Iran’s Islamic Revolutionary Guard Corps conducted a surprise launch on Wednesday in which it claims to have successfully placed a military satellite in orbit. As with Iran’s previous space launches, the US Secretary of State Mike Pompeo characterized the event as a “missile launch,” maintaining that these serve as a cover for ballistic missile development. But Wednesday’s launch is distinctive from earlier space launches in several significant ways—ways that will actually strengthen the US argument as it brings its case to the UN Security Council.
Iran made its first attempt at putting a small satellite into orbit in 2008, and its first successful attempt in 2009. Since then, it has conducted a handful of space launches with mixed success. The most recent such attempts, in August 2019 and in February 2020, have ended in failure. After the August 2019 attempt, which ended before the rocket ever left the launch pad, President Trump tweeted:
The United States of America was not involved in the catastrophic accident during final launch preparations for the Safir SLV Launch at Semnan Launch Site One in Iran. I wish Iran best wishes and good luck in determining what happened at Site One. pic.twitter.com/z0iDj2L0Y3
— Donald J. Trump (@realDonaldTrump) August 30, 2019
All of these launches were carried out by the Iranian Space Agency, a civilian agency that is part of the Ministry of Communications and Information Technology. And they all involved liquid-fueled rockets that were based on older North Korean technology.
In those instances, when the Trump administration asserted that the launches were advancing Iran’s ballistic missile development, experts pushed back, noting many differences between the two. For example, Michael Elleman, the Director of the Non-Proliferation and Nuclear Policy Programme at the International Institute for Strategic Studies, pointed out in January 2019 that ballistic missiles must be designed to be able to re-enter the atmosphere—a substantial engineering challenge—whereas space launch vehicles do not.
More important, Iran’s liquid-fueled Simorgh rocket and its predecessor the Safir—rockets that the Space Agency has continually relied upon—have some serious downsides if they were to be repurposed as a missile. As Jeffrey Lewis, an arms control expert at the Middlebury Institute of International Studies at Monterey, told Quartz in 2019, it takes several days or even weeks to prepare them for a launch. The rocket has to be trucked to the site and erected with a crane. Once there, it has to sit on the launch pad while fuel is loaded and systems are checked. All the while, it would make an easy target for a pre-launch attack. To have real military utility, such a rocket would need to be light, mobile, and quick to launch. Because even a reconfigured Simorgh will never be any of those, independent experts have concluded that Iran’s liquid-fueled space launch vehicles do not represent a credible path to an ICBM.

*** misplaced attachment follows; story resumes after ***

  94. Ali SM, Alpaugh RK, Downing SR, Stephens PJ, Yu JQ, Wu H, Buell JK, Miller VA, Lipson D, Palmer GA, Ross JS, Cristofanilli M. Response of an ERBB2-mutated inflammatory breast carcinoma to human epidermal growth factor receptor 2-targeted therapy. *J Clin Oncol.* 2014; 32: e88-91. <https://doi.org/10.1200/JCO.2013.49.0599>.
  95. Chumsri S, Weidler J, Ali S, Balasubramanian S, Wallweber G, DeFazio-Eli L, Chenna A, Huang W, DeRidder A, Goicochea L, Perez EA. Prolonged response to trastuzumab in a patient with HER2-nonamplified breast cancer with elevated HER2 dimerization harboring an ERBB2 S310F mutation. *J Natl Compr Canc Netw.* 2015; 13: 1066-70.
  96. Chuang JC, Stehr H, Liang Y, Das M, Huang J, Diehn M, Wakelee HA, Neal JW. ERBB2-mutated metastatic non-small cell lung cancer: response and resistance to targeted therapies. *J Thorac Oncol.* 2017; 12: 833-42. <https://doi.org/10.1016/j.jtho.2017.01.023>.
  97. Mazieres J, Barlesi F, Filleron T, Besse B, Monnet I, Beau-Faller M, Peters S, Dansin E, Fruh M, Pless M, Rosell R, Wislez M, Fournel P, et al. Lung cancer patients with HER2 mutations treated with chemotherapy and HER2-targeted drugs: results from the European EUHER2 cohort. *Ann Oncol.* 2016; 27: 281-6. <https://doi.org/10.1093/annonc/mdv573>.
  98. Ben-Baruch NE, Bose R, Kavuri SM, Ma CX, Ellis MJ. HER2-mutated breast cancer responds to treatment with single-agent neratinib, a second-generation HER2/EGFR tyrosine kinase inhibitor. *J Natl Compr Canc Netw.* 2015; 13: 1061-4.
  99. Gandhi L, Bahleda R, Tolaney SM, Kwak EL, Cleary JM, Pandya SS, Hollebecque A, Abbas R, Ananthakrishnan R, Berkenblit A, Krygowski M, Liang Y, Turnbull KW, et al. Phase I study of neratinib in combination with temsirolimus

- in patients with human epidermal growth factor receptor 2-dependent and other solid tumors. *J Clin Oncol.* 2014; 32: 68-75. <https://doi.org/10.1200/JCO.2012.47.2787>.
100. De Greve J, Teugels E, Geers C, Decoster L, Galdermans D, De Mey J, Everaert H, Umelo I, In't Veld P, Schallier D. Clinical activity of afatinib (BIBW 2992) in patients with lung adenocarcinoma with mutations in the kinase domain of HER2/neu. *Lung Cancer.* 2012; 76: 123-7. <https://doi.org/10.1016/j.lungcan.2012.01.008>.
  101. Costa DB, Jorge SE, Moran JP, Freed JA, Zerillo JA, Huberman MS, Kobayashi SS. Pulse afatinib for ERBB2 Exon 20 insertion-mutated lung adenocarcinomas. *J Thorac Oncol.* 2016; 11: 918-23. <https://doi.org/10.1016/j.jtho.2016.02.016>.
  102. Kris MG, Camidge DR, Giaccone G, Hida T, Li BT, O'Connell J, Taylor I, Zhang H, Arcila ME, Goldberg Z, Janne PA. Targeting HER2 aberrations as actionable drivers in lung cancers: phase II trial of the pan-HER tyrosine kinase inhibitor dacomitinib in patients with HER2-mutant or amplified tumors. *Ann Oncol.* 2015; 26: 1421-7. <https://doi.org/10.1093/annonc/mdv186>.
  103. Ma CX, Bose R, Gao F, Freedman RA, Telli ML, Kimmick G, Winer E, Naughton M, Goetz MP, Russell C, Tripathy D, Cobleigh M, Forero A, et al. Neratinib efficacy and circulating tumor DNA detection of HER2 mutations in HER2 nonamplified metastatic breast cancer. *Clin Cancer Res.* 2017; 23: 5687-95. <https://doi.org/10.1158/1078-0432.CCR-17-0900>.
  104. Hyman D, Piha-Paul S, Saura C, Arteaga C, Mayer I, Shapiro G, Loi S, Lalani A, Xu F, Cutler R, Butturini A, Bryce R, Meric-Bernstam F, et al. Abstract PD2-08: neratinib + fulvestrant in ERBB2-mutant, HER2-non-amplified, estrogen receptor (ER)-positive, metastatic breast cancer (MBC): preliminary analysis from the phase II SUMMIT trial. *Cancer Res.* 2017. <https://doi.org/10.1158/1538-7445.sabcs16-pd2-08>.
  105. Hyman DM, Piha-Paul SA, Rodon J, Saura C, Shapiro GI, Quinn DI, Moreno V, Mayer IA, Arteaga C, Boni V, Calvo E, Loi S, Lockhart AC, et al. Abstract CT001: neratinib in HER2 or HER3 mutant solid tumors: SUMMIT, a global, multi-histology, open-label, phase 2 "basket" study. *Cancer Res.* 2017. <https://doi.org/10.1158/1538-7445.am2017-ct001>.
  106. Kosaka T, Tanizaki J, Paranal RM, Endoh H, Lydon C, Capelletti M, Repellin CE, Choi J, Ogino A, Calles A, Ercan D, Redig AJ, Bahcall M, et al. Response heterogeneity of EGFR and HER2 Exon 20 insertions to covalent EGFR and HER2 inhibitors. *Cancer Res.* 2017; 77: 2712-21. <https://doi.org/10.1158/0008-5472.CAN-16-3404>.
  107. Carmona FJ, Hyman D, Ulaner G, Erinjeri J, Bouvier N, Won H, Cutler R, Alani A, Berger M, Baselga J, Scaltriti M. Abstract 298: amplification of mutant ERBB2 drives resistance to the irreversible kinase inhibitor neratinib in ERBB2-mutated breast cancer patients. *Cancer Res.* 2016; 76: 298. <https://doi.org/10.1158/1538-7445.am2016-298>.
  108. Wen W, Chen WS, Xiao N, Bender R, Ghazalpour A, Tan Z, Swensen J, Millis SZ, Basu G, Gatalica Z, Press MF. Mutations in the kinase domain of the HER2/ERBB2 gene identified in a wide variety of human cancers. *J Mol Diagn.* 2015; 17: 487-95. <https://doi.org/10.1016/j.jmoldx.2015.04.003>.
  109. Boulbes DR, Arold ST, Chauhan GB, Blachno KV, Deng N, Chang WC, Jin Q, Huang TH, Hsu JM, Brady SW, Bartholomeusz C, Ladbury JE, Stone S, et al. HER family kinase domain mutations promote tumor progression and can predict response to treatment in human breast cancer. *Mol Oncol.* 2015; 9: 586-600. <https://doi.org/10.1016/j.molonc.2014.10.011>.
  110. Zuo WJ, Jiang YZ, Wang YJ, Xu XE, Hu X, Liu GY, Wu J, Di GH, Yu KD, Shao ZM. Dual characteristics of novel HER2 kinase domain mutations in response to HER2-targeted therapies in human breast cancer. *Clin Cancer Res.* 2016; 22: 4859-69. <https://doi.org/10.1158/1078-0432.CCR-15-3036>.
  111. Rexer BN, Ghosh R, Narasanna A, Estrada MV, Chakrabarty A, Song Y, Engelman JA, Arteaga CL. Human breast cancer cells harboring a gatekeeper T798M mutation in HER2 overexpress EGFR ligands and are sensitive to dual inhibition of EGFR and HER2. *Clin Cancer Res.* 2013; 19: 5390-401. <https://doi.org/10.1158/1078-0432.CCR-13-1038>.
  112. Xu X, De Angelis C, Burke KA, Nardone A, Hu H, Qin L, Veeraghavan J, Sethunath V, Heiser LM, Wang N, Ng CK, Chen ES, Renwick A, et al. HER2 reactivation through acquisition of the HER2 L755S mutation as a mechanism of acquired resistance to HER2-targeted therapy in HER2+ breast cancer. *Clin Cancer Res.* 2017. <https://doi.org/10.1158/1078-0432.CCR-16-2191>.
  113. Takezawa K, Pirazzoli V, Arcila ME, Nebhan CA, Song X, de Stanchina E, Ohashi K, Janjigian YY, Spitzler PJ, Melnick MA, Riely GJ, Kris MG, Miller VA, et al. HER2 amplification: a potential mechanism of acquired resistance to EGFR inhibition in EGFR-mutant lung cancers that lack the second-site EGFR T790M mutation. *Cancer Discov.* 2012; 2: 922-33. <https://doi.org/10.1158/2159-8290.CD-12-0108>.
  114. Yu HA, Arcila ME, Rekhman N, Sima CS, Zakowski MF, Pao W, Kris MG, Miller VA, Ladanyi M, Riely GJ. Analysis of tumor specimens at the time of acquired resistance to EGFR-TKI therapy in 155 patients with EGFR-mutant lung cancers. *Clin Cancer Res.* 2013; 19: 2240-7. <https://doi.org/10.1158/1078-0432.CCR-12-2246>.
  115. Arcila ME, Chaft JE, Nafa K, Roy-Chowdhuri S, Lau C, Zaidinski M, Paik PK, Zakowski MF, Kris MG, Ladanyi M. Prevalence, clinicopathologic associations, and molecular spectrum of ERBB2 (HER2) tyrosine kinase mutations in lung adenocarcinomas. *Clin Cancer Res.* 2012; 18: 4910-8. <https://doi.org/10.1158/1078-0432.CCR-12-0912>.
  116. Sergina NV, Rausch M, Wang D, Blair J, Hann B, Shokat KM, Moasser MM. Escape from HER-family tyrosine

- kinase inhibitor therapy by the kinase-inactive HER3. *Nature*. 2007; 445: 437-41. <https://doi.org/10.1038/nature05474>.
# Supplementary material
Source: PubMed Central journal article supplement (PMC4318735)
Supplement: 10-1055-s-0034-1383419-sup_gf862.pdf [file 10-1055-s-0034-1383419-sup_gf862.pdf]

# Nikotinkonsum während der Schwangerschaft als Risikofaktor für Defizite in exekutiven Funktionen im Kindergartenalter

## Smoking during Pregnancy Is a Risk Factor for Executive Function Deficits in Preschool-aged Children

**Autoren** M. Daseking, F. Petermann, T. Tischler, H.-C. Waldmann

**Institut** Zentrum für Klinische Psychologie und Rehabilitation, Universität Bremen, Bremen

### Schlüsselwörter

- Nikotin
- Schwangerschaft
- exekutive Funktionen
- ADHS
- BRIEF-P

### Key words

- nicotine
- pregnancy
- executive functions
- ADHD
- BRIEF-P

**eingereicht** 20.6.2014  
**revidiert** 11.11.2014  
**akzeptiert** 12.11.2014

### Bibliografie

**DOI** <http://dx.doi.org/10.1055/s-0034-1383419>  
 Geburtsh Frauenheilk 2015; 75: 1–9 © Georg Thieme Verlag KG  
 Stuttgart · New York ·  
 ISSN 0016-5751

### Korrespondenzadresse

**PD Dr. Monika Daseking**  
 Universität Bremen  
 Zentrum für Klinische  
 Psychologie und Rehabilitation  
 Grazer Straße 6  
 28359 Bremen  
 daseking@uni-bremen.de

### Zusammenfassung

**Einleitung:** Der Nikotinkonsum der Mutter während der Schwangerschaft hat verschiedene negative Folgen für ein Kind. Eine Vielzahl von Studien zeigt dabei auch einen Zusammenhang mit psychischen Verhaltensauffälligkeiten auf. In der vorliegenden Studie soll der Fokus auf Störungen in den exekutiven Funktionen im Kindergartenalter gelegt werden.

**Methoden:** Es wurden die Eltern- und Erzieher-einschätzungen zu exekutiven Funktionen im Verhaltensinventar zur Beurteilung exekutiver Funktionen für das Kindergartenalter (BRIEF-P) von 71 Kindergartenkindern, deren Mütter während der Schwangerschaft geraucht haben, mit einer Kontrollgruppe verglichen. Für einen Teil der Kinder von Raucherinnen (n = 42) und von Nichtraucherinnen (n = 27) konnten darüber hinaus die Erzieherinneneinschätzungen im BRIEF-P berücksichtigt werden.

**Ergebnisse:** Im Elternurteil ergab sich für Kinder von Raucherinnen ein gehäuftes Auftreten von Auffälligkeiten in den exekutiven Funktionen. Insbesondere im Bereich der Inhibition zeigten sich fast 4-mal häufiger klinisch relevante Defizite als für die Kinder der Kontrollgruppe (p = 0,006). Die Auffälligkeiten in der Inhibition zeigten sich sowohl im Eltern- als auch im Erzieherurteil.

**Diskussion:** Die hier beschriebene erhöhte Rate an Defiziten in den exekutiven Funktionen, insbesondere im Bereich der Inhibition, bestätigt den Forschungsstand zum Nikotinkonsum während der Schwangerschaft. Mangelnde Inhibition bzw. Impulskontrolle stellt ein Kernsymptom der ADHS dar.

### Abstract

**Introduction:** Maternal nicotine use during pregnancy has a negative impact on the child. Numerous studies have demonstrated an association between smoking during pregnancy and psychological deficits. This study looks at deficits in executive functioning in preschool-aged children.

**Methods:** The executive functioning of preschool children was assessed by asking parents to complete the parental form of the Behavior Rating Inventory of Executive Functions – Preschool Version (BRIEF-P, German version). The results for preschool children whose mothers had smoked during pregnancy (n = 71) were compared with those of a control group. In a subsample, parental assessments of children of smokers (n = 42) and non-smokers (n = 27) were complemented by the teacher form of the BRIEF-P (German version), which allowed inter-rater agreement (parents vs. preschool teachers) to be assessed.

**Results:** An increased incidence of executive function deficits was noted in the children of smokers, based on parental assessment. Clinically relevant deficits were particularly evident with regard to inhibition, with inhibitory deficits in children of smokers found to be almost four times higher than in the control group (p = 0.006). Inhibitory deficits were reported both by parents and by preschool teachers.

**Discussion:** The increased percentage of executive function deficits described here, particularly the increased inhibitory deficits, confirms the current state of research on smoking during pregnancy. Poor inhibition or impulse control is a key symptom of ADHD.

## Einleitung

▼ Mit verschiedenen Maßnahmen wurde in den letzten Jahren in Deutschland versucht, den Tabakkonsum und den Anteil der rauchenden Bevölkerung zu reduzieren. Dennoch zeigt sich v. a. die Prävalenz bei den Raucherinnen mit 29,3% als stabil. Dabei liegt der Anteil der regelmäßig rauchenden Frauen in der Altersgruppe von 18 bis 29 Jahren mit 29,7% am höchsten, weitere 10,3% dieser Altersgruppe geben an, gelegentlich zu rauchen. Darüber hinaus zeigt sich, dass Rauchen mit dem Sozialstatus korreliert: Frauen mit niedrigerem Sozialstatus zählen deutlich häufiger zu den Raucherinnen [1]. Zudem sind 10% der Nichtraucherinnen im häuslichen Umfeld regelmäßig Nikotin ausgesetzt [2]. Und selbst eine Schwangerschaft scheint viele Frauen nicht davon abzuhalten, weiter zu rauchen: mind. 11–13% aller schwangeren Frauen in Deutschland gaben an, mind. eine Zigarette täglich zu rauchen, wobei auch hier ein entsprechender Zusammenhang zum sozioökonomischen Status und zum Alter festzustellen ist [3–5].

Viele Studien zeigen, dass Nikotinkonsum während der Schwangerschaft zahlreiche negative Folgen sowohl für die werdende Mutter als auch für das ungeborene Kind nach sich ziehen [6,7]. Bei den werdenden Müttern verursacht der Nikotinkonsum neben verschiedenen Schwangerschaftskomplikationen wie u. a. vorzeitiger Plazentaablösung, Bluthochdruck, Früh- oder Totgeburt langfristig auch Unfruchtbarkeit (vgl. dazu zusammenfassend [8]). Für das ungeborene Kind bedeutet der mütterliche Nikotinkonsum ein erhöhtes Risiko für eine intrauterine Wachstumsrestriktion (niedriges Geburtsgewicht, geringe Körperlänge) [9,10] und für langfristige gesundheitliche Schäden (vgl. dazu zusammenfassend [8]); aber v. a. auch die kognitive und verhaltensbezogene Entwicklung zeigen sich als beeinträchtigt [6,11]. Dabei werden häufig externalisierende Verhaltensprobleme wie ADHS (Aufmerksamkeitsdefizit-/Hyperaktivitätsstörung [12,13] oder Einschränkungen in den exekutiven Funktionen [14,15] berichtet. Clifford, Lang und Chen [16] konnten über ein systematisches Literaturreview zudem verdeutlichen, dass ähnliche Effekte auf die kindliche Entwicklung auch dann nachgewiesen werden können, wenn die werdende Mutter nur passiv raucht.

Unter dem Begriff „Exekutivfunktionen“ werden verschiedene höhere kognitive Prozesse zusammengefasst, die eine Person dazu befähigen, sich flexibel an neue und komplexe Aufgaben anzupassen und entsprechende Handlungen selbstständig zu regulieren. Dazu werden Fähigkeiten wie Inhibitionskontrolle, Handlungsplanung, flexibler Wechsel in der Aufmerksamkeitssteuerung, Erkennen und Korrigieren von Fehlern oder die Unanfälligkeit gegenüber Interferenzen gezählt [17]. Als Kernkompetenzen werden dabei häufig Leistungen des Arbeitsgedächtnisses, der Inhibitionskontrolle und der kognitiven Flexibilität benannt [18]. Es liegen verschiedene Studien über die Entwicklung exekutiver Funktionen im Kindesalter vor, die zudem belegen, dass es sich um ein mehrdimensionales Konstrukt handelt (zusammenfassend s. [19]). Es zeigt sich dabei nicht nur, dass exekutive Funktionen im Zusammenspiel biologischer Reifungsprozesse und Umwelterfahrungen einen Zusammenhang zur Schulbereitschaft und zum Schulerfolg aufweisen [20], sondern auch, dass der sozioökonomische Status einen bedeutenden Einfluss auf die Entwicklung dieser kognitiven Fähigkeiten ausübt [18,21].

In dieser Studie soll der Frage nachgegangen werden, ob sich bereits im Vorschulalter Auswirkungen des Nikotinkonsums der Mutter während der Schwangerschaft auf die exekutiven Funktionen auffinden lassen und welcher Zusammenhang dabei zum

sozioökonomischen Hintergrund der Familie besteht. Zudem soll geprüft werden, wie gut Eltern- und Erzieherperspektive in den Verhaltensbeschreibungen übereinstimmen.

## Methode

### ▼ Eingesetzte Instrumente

Wednesday’s launch, however, was different from earlier ones in significant ways. First, it was not the civilian Iranian Space Agency, but the Revolutionary Guard Corps that conducted it. It’s an entirely separate development track—one that was thought to be dormant since 2011, but that has actually quietly continued.
Second, the launch did not involve the Simorgh. Instead, it used the Qased, a new hybrid-propellant system that combines liquid- and solid-fueled stages. Fabian Hinz, a research associate who is also at the Middlebury Institute for International Studies at Monterey, observed on Twitter that “The Qased looks a lot like a Safir-based first stage with a Salman on top of it.”
The Qased looks a lot like a Safir-based first stage with a Salman on top of it. https://t.co/5xmVOPCo8g
— Fabian Hinz (@fab_hinz) April 22, 2020
The Salman is a solid-fueled motor that Iran first showed off in February 2020 and that, according to Hinz, is lighter than Iran’s earlier motors and, critically, has a better mechanism for thrust control. At the time, Hossein Salami, the commander of the Revolutionary Guard Corps, boasted that the new technology would make Iranian missiles “cheaper, lighter, faster, and more precise.”
Third, the Revolutionary Guard Corps used a mobile launcher and a new launch site. Although the transporter-erector-launcher appeared to be the same model as one that has been used for the liquid-fueled Safir, Wednesday’s launch proved the Qased could be set up and launched much more quickly than the latter system.
Although Iran’s solid-fueled program represents a more credible path to an eventual ICBM capability, it is still in early stages of development, according to David Wright, a missile expert at the Union of Concerned Scientists. In an email to the Bulletin, he explained, “What is very difficult is making large-diameter solid rocket motors. This launcher appears to have been a large liquid first stage with a small solid upper stage.” The Qased, in other words, may be able to bring a small satellite into orbit, but it still is nowhere near powerful enough to carry a warhead over a long distance.
In an email to the Bulletin, Elleman agreed, saying that the Qased is actually much less capable than the Simorgh in terms of its potential range. He added that, although Iran built and tested a fairly large-diameter solid-fuel missile, the Sejil, as far back as 2008, progressing to an even larger-diameter solid-fuel motor would be “a quantum leap” in terms of difficulty. He concluded that the Qased’s “operation will not decisively contribute to the development of an ICBM.”
However, in an interview, Hinz gave the launch more significance. He said it was a successful demonstration of the flexible nozzle for thrust control, a component that may have held back Iran’s solid-fuel program in years prior. He also noted that Iran may already be testing larger solid-fueled motors from the ground.
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